Despite being an avowed Tilda Swinton fan, I was wary about watching We Need to Talk About Kevin (2011), because I’d assumed from the serious subject matter that it would be a rather dreary and depressing experience. As it turns out, I couldn’t have been more wrong. Director Lynne Ramsay’s artful eye brings so much life and energy to the screen, and the script is packed with moments of dark, twisted comedy, greatly enhanced by Swinton’s critically-acclaimed and totally committed performance. In fact, I was laughing so much, I didn’t even realise how unsettled I’d been by the eponymous character’s behaviour until I tried to get to sleep that night, and found images from the film coming back to haunt me. Now that’s value for money! Despite it’s occasional flaws, this was a fascinating, mesmerising film, and one that I’m sure will stick with me for years to come. Shudder.
Having watched several straight-up horror flicks about demonic children in the past, it was interesting to note how much scarier it is when there’s no pat supernatural explanation for the child’s behaviour. It’s easier to shrug off something like The Exorcist or The Omen, because the chances of you bumping into an antichrist on the street are pretty remote… but Kevin isn’t possessed, and he isn’t the spawn of Satan, and he doesn’t have any magical powers or hellhounds to aid him… he’s just a murderous misanthrope with a longbow and some bike locks. He could, theoretically, be living next door to any of us… and he could strike at any time. It’s the mundanity of his evil that makes it so terrifying to me. I also found it interesting that the writer chose a bow and arrow as Kevin’s weapon of choice… I think that helps to make it a more universal story, because here in Britland it’s extremely unlikely that a kid his age would have access to a handgun, but I can remember taking archery classes at the local youth centre when I was young. I imagine it’s considered a fairly innocent pastime by most people, in most countries… which makes his father’s encouragement, and his mother’s blind-eye, far more plausible.
Speaking of “blind-eyes”, I liked the way the non-linear story structure helped to heighten the tension… for example, when we first meet Kevin’s adorable little sister ‘Celia’ (played by Ashley Gerasimovich), she’s cheerfully sporting an unexplained eye-patch, so we’re left to wonder if she was born with a disability, or if she acquired it later in life. Then when Kevin moves from rubber-sucker-tipped arrows to the real thing, you start to clench in anticipation of the moment when he “accidentally” pulls a King Harold II on the poor girl. As it turns out, the injury happens off-screen, and has nothing to do with arrows at all… but still, it was an very effective red herring. Despite the implication that Kevin may have been responsible for Celia’s disfigurement, it’s left fairly ambiguous, so I was still totally shocked when I saw that he’d actually killed her along with his father. Up until that late reveal, I’d been clinging to the hope that she’d been taken away by Child Services or something… that she was happily gambolling around on a farm somewhere, along with her missing pet hamster. But, no… she was gambolling with the angels instead. Sniffle.
Kevin’s father, ‘Franklin’, on the other hand, I couldn’t have cared less about… to steal a line from another John C. Reilly movie, the guy had it coming. I remember back in uni, I was eating lunch in the cafeteria one day when a sociology student came around with a questionnaire about juvenile delinquents. I can’t recall the exact questions I was asked about antisocial behaviour and its potential causes, but (given multiple choices) I blamed the parents every time. Although we’re really only seeing the story through the eyes of the mother, ‘Eva’ – who’s probably not the most reliable of observers – it’s likely that Franklin was overcompensating for his wife’s antipathy by indulging his son to a deadly degree. Aside from the scene where Eva lashes out and throws Kevin against a wall (which I’m certainly not advocating), I can’t recall any instances of either of them actually punishing or disciplining the brazen little brat… certainly not in the sort of structured and consistent manner he required. Didn’t they have a “naughty-step” in their house? Nah, just let him eat more sugar… I’m sure he’ll grow out of it. Tch! Presumably that’s why Eva chooses to martyr herself by staying in the same town where random parents can just walk up and slap her in the street with total impunity. She certainly didn’t stay for the sake of her work or her social life, anyway…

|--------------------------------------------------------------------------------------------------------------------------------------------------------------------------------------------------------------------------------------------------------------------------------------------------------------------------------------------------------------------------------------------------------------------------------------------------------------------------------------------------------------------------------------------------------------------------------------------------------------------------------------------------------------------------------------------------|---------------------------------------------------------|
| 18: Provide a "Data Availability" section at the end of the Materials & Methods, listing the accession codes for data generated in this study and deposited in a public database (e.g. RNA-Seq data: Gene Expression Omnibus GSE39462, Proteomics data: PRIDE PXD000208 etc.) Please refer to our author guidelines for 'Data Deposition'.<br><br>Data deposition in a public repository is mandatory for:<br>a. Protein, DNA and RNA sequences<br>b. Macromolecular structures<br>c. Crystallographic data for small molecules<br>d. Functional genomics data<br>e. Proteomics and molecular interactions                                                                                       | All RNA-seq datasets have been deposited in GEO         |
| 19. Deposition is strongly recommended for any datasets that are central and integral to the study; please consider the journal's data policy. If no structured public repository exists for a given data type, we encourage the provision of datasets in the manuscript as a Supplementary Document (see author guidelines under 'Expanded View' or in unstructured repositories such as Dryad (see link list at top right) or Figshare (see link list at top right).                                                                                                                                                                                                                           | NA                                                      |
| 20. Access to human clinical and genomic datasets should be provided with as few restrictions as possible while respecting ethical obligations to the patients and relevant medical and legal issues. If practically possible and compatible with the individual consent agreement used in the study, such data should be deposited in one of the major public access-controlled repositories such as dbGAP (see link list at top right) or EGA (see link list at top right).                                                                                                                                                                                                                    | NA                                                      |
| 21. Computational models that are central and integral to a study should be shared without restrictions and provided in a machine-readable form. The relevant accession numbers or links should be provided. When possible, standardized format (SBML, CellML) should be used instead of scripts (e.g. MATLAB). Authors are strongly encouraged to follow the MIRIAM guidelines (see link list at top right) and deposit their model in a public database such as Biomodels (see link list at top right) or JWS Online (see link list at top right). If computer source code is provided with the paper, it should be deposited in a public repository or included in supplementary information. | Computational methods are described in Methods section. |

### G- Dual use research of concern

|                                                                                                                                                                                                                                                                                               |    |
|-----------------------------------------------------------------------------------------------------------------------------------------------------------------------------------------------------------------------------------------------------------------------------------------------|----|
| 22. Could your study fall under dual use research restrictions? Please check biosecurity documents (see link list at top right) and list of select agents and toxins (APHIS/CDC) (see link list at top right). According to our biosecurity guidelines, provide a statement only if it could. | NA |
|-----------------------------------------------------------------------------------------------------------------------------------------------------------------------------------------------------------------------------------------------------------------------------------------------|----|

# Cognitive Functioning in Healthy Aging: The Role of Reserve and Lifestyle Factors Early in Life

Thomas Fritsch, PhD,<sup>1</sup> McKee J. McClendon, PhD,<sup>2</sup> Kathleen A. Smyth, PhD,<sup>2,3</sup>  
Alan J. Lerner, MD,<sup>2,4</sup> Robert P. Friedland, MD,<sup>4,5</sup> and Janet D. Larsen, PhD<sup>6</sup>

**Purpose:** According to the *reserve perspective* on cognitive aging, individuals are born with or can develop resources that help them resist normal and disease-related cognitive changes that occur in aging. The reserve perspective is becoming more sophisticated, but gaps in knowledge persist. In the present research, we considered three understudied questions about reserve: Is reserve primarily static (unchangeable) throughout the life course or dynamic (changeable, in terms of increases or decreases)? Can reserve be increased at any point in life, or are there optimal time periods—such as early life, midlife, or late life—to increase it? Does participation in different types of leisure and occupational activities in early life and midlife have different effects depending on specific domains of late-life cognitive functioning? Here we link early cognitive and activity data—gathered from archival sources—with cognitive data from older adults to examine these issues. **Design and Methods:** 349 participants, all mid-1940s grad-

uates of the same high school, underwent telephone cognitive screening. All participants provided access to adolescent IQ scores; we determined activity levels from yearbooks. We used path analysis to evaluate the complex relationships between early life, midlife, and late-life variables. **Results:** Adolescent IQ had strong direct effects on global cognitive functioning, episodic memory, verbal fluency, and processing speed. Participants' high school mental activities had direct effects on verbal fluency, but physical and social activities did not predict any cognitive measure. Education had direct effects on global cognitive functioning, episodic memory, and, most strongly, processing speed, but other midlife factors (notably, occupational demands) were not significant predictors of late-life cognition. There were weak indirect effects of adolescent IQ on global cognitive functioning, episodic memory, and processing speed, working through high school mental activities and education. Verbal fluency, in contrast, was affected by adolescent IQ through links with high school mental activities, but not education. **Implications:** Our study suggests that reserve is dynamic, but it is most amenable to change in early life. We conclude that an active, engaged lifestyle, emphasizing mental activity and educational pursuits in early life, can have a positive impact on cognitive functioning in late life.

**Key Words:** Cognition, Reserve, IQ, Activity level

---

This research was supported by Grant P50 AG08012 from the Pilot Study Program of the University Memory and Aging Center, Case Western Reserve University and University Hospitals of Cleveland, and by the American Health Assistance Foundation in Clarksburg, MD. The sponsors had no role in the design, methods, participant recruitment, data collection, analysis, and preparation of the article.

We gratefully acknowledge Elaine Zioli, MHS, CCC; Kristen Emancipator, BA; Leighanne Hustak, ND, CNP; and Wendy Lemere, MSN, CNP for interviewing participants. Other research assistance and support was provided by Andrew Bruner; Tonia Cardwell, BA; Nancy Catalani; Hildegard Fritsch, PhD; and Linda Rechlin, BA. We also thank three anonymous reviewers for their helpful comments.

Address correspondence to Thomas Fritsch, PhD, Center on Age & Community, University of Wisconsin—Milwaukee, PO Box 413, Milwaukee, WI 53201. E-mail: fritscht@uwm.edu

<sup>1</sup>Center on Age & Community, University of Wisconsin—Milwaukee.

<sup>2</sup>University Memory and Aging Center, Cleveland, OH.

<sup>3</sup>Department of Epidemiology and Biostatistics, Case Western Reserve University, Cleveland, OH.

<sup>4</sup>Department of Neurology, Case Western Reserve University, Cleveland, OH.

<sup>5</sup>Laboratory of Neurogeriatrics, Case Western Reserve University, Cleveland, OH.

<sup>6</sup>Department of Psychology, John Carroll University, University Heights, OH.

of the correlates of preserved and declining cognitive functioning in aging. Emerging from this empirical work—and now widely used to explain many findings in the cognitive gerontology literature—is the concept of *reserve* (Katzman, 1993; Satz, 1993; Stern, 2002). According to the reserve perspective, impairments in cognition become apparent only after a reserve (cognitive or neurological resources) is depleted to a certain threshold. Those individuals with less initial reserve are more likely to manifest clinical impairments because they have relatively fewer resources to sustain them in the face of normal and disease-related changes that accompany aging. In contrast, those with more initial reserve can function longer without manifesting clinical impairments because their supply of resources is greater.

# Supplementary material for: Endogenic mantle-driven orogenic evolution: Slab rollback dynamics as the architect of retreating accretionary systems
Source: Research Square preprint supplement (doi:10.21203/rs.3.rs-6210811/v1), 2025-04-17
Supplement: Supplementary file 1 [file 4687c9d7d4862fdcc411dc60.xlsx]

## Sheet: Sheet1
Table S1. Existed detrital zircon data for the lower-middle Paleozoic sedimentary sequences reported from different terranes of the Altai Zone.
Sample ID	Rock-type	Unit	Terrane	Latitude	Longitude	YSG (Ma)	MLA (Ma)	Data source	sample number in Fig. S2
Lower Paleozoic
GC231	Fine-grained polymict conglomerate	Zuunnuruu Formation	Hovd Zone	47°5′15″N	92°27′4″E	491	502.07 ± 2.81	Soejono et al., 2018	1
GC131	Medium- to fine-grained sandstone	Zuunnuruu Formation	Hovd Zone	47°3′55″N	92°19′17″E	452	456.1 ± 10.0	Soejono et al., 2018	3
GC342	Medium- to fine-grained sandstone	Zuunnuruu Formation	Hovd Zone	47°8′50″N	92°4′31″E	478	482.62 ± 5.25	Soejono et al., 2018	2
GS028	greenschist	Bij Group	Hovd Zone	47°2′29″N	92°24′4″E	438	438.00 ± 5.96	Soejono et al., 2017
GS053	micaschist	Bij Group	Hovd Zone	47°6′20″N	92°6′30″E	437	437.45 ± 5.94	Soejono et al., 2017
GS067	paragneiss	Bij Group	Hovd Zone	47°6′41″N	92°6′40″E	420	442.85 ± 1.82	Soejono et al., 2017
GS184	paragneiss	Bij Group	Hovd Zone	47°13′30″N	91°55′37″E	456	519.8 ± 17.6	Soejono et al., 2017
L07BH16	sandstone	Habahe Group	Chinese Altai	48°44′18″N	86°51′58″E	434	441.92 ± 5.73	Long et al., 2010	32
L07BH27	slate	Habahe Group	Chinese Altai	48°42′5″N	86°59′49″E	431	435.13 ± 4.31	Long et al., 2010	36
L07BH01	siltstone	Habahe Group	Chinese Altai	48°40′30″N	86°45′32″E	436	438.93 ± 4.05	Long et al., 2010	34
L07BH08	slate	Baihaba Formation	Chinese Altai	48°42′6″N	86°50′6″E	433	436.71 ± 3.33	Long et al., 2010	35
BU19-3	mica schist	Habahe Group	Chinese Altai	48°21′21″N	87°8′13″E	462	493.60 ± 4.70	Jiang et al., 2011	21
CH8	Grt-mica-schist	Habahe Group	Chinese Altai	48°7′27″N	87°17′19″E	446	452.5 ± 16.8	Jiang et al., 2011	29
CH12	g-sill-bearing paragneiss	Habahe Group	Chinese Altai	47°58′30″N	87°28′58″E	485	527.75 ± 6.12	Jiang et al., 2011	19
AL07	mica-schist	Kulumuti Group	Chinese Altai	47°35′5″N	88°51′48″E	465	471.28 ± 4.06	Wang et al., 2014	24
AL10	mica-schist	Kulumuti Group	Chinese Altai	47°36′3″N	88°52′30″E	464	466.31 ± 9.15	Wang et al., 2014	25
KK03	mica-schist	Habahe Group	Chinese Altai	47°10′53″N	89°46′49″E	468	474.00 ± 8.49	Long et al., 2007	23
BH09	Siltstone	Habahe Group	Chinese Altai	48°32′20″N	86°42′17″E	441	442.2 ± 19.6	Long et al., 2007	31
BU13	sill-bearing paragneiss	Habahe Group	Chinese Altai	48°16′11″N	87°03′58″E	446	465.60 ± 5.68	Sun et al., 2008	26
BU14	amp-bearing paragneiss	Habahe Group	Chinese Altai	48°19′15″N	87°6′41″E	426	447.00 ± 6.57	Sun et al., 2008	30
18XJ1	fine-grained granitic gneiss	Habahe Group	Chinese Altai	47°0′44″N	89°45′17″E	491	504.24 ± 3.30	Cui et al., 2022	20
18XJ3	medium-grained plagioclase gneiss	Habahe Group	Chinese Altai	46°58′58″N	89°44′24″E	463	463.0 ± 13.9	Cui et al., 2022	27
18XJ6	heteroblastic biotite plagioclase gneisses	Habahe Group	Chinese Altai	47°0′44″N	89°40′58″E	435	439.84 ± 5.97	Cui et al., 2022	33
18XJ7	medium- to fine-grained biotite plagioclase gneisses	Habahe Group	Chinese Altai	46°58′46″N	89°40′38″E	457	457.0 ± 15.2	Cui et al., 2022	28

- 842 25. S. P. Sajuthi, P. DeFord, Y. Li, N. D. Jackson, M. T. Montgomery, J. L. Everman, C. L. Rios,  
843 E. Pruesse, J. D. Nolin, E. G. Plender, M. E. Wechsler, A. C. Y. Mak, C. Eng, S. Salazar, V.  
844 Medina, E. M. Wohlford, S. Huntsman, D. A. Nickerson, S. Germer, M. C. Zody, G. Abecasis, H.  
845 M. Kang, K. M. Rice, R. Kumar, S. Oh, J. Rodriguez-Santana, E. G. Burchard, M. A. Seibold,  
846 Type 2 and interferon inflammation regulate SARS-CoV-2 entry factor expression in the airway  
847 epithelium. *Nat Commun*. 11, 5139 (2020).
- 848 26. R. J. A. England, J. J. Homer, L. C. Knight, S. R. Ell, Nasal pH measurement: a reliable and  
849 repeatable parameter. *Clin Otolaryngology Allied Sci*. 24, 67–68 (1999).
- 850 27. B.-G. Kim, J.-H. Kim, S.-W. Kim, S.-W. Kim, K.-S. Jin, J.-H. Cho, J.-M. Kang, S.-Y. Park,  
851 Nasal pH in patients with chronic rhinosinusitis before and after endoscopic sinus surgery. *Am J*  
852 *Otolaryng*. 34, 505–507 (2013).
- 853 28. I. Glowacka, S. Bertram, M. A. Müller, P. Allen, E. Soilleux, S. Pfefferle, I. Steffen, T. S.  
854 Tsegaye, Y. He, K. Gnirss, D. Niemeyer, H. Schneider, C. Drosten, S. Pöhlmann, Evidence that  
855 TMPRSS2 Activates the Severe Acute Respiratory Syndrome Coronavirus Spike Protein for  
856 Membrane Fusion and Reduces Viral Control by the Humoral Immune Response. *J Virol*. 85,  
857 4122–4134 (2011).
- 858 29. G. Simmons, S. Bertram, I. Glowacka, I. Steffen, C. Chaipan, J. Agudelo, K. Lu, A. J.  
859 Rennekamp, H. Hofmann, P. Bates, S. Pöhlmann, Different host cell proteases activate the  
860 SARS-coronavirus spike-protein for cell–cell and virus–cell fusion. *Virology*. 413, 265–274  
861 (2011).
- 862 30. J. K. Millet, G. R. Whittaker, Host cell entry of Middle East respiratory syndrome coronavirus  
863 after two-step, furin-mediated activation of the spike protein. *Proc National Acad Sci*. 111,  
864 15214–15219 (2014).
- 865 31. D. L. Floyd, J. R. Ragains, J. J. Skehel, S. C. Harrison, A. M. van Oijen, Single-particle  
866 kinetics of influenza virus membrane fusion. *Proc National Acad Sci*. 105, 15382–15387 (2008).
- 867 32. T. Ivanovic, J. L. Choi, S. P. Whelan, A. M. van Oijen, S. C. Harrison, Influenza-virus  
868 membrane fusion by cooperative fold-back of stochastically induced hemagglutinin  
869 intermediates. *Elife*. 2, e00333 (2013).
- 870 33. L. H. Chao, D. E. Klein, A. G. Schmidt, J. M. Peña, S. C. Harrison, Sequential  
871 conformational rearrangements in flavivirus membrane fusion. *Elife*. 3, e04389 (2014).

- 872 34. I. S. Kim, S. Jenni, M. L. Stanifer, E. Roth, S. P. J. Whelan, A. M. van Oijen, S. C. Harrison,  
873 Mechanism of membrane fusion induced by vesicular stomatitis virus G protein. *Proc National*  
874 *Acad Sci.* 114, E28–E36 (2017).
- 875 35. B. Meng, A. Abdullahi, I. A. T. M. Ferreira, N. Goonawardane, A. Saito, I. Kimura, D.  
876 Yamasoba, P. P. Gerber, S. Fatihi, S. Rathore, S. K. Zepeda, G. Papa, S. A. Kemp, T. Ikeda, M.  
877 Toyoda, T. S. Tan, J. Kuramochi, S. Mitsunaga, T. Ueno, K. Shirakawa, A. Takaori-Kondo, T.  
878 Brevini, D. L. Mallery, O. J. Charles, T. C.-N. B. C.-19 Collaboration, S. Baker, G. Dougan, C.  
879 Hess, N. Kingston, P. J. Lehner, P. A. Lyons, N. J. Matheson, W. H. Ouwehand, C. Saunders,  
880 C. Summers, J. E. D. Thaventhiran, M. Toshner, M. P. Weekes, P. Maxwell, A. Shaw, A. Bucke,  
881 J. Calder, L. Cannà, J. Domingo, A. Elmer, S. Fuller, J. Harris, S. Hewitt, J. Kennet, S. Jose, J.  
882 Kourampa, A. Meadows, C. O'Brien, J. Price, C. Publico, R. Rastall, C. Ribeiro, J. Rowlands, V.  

Although it’s a little unclear where Kevin is being held prisoner, it’s presumably close enough for her to visit regularly, and get to know the guards on a first-name basis. Clearly the relationship between Eva and Kevin is the core of the story, and full credit has to go to the look-a-like actors (Ezra Miller, Jasper Newell and Rocky Duer) who play the role at various stages in his development, and help to breathe life into this beautiful/abhorrent monster… as well as to Miss Swinton, of course. The final scene between the mother and her soon-to-be-adult son is particularly moving, although the implications of his admission are open to debate. Has Kevin finally realised the futility of his hatred? Is he capable of remorse? Redemption? Or is he simply feeling sorry for himself again? Is it another passing phase, or a genuine sign of growth? Find out in the forthcoming sequel, We Still Need to Talk About Kevin!
Oh, and I should really give a shout-out to Siobhan Fallon Hogan, who plays Eva’s amusingly apathetic new boss. It’s a small part, but a memorable one!
[Note: The post’s title is a reference to an old song by Carter USM, which someone has kindly put up on YouTube]